Capitalists have a penchant for glorifying personal freedom in the abstract owing to their devotion to the primacy of the individual. Consequently capitalists (and philosophical libertarians) often champion the cause of freedom for the sake of freedom. A good illustration of this is Walter Block’s book, Defending the Undefendable. Block, a self-described anarcho-capitalist, defends grossly immoral practices all in the name of freedom. Dan C. Heldman in his review for Universitas complains, “Not only does he [Block] defend prostitutes, pimps, counterfeiters, ticket scalpers, slumlords, blackmailers, libelors, stripminers, letterers, and scabs (among others), he actually has the temerity to call them heroes!” Thus we see arch-capitalists like Block defending the notion that women should be allowed to sell their bodies for casual sex if they decide to do so. Who are we to object to a woman marketing her body in a way that she chooses?
This problem is also perceptible in regards to the issue of abortion. Many anarcho-libertarian capitalists believe that abortion is perfectly ethical and permissible. Ayn Rand, the popularizer of “Objectivist” ideology which so many American capitalists claim to admire, stated that the idea that “an embryo has a ‘right to life’” is “vicious nonsense,” concluding that a “piece of protoplasm has no rights.” Rand argues that rights “do not pertain to a potential, only to an actual being. A child cannot acquire any rights until it is born.” Murray Rothbard, another man admired by many libertarian capitalists, believed that “no being has a right to live, unbidden, as a parasite within or upon some person’s body.” Rothbard did not believe that children possessed the right of “self-ownership”21 until the baby was out of his mother’s womb. Likewise, Walter Block argues that babies which cannot survive outside the womb can be aborted without any moral qualms, while babies which can survive outside the womb can be “evicted” from the womb even if it leads to the probable death of the child.
The aptly named Capitalism Magazine states, “A fetus does not have a right to be in the womb of any woman, but is there by her permission. This permission may be revoked by the woman at any time, because her womb is part of her body… There is no such thing as the right to live inside the body of another, i.e., there is no right to enslave…a woman is not a breeding pig owned by the state (or church). Even if a fetus were developed to the point of surviving as an independent being outside the pregnant woman’s womb, the fetus would still not have the right to be inside the woman’s womb.”22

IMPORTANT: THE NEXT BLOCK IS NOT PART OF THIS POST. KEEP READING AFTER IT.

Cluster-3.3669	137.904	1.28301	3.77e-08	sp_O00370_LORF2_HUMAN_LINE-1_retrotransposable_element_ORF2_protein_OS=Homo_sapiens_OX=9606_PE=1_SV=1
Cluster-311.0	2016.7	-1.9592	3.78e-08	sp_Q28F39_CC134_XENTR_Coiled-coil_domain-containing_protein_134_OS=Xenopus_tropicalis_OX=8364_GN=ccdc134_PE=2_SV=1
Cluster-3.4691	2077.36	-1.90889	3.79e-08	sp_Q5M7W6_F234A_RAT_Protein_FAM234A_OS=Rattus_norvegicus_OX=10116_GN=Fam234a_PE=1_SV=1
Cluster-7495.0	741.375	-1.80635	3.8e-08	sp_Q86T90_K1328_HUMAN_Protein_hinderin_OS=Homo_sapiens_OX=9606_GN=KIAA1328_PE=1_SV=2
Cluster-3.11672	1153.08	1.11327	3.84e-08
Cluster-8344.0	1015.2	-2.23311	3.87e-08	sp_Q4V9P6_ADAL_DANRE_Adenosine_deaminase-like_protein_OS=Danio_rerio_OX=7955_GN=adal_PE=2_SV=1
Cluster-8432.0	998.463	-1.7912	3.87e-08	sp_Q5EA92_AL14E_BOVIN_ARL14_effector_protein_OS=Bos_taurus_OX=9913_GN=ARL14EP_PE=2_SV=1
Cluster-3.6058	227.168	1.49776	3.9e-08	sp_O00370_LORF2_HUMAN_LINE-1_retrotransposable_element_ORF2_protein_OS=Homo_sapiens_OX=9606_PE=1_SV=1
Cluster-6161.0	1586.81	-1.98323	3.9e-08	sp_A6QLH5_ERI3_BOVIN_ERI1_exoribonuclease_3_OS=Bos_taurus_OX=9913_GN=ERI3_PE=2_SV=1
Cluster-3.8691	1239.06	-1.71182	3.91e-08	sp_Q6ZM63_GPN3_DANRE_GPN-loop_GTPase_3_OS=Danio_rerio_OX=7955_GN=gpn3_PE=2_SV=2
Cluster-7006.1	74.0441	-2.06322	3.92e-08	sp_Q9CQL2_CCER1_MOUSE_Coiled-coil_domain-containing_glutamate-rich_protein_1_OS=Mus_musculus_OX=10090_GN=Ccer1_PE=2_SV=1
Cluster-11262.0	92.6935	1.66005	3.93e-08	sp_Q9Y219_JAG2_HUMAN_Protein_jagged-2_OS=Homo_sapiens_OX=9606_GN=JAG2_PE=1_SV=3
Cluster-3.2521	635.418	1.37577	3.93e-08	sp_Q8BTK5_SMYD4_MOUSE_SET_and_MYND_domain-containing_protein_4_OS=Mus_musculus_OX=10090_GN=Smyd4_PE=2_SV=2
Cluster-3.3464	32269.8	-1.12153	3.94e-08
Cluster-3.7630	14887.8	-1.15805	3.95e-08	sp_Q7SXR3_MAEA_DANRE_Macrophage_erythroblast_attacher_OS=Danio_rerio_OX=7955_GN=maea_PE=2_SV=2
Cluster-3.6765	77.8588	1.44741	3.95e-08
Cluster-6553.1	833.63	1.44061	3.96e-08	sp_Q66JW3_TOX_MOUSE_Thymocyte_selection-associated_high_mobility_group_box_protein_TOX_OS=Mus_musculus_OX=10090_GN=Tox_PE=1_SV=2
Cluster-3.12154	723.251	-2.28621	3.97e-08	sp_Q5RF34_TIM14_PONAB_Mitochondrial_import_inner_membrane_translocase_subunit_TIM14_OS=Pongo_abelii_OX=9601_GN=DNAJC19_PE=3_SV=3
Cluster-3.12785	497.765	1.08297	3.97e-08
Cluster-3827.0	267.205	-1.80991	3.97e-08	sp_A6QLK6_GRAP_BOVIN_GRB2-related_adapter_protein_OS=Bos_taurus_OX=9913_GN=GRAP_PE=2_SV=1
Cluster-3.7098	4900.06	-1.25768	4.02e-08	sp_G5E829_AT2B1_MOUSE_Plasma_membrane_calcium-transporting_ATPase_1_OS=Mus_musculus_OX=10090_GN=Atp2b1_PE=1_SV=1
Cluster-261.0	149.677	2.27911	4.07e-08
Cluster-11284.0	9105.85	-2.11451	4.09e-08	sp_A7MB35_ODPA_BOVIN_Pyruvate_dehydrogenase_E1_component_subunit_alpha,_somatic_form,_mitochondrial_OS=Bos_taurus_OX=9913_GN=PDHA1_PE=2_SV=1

Furthermore, Murray Rothbard argues that the problem to abused or neglected children is a “free market in children” in which children can be bought and sold for profit! Rothbard argues that parents should “be able to sell their trustee-rights in children to anyone who wished to buy them at any mutually agreed price.” Rothbard even argues in a footnote, “Some years ago, the New York City authorities proudly announced that they had broken up an ‘illegal baby ring.’ Babies were being imported for a price from Greece by enterprising merchants, and then sold to eager parents in New York. No one seemed to realize that everyone involved in this supposedly barbaric transaction benefited: the poverty-stricken Greek parents gained money, as well as the satisfaction of knowing that their babies would be brought up in far more affluent homes; the new parents gained their heart’s desire of having babies; and the babies were transferred to a far happier environment. And the merchants earned their profits as middlemen. Everyone gained; who lost?”